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Major League Baseball declared the next day that it was an improper call made by Crew Chief Angel Hernandez, but the call would stand. But the story doesn’t end there. How can you screw up instant replay, especially when it seemed so obvious what the call should have been? Peter Gammons seems to think this was done on purpose as an objection to instant replay. Make sure you click and read that column. WOW! Now, Gammons doesn’t ever just throw out accusations like that, as it just isn’t his style. So for him to go out in a public forum and say that must mean there is a lot of validity behind that statement. So some of the umpires don’t want instant replay? I’m not shocked, but in the end we will get more instant replay. But Hernandez’s gaffe wouldn’t be the only one by an umpire this week.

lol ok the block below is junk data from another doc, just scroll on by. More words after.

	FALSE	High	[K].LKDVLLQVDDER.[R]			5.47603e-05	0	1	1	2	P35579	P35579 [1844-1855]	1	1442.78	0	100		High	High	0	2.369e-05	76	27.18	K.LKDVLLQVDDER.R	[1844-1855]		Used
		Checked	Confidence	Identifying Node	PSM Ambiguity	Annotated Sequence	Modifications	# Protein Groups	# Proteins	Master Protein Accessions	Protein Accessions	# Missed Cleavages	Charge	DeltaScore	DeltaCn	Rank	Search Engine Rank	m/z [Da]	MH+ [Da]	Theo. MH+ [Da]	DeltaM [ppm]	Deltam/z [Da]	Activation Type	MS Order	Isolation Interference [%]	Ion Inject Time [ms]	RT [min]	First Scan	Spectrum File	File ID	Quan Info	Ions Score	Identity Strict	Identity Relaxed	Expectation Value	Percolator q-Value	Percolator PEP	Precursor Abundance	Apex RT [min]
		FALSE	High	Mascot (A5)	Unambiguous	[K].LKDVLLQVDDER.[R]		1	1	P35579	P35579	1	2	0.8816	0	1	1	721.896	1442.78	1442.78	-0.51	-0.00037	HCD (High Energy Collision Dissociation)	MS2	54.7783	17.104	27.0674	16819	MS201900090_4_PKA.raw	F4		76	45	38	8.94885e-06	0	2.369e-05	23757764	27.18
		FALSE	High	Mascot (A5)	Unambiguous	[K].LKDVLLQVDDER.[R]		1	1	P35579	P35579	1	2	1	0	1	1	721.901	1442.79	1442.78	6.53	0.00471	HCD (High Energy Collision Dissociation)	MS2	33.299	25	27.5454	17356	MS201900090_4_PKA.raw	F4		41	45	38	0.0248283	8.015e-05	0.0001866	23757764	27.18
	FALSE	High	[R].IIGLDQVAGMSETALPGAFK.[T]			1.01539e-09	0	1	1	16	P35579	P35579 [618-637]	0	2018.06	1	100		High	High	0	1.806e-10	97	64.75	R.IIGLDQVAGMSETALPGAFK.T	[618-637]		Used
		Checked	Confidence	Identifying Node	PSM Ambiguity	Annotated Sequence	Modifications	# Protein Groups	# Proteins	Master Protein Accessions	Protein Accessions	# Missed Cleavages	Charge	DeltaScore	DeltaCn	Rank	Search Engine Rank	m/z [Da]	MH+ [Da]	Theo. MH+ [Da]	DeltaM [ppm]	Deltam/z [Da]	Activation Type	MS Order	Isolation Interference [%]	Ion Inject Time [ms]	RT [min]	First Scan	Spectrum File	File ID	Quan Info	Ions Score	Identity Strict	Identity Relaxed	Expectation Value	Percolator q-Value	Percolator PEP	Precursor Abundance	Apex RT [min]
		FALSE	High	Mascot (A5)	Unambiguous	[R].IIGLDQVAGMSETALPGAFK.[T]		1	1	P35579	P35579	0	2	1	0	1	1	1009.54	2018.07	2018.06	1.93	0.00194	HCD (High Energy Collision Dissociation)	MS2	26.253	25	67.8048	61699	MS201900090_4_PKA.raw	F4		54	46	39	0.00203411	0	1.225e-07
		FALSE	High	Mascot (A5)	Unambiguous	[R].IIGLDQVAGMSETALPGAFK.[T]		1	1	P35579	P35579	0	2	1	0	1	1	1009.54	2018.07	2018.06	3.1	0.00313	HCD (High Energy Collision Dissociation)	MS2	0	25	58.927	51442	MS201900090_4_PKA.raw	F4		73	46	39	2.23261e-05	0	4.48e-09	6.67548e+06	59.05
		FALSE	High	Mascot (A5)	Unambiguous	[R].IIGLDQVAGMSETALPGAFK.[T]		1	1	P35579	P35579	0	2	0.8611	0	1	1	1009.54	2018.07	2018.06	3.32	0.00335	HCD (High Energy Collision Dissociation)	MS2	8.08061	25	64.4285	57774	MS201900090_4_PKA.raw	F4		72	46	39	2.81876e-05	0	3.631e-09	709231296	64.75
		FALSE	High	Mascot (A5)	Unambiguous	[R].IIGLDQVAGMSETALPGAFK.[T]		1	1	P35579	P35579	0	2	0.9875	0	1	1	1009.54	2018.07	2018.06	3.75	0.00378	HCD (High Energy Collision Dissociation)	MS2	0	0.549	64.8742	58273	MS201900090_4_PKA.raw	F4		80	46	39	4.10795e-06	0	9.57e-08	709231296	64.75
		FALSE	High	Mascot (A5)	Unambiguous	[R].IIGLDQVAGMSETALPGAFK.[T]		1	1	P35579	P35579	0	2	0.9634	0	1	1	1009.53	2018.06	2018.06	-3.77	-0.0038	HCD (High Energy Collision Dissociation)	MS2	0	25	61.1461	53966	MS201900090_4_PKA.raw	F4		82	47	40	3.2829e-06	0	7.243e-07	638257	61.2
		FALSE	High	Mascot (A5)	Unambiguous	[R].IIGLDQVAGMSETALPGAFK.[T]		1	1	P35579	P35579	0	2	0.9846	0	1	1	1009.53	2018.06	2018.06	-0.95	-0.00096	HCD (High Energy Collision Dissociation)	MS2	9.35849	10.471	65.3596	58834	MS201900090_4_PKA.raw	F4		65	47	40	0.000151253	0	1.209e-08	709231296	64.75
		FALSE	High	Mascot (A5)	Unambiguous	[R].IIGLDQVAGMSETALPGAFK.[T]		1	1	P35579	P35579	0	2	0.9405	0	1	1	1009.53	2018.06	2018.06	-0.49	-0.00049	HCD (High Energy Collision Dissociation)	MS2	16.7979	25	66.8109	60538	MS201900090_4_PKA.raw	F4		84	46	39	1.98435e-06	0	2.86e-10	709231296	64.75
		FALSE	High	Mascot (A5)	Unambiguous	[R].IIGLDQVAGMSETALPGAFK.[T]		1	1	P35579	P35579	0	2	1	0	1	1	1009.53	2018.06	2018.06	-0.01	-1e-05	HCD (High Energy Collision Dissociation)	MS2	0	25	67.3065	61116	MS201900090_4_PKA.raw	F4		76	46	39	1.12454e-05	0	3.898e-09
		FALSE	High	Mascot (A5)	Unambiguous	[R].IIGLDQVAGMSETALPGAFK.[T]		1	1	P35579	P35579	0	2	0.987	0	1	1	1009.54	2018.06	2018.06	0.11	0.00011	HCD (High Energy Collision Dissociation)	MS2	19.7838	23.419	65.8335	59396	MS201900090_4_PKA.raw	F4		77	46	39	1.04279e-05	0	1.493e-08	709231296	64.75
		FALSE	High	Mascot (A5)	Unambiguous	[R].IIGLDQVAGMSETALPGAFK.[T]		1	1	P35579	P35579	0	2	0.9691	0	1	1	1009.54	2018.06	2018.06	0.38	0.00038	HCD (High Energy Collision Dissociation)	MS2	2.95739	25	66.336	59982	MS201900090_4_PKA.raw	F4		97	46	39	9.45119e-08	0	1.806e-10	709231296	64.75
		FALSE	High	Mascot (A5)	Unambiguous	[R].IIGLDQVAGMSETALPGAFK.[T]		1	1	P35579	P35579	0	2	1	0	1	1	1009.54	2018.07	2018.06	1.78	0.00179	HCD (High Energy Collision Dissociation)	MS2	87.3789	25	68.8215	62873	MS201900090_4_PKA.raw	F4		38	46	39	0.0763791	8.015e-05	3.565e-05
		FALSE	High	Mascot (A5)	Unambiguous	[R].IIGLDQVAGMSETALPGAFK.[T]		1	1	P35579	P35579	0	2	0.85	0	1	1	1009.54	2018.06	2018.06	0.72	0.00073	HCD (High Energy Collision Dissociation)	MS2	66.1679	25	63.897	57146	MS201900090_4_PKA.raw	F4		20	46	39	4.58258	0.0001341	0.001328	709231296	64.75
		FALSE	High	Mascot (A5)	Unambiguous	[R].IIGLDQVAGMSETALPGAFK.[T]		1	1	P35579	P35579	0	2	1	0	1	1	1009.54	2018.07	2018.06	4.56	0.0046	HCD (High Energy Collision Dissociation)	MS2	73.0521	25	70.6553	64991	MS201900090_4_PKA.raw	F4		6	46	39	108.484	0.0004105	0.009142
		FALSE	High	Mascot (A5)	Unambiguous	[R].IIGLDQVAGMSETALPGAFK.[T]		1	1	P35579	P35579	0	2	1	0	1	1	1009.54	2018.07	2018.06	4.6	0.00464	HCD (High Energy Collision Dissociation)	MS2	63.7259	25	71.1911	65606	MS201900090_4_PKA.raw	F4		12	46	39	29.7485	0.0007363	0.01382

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During Thursday’s Angels/Astros match up, Houston manager Bo Porter decided to make a pitching change in the 7th inning. He brought in reliever Wesley Wright, while Angels manager Mike Scioscia decided to use a pinch hitter to combat Wright coming in. Porter then called for another reliever to counteract Scioscia’s move, bringing in Hector Ambriz. The problem is by major league baseball rules that is a no-no.   Rule 3.05b says: “If the pitcher is replaced, the substitute pitcher shall pitch to the batter then at bat, or any substitute batter, until such batter is put out or reaches first base, or until the offensive team is put out, unless the substitute pitcher sustains injury or illness which, in the umpire-in-chief’s judgment, incapacitates him for further play as a pitcher.” To make a tad bit simpler, if you bring a pitcher into the game, he has to pitch to at least one batter before you can take him out and put in a new pitcher. This was, of course, Scioscia’s argument and led to a long heated debate between himself and the umpires. There is normally a four man umpiring crew, yet all four men in blue believed Porter could bring in another pitcher without Wright pitching to a batter. Think about that for a bit. The four guys who are in the game to uphold the rules didn’t know what the actual longstanding rule was! Scioscia would then protest the game, as it continued and eventually the Angels would win in spite of this entire mess.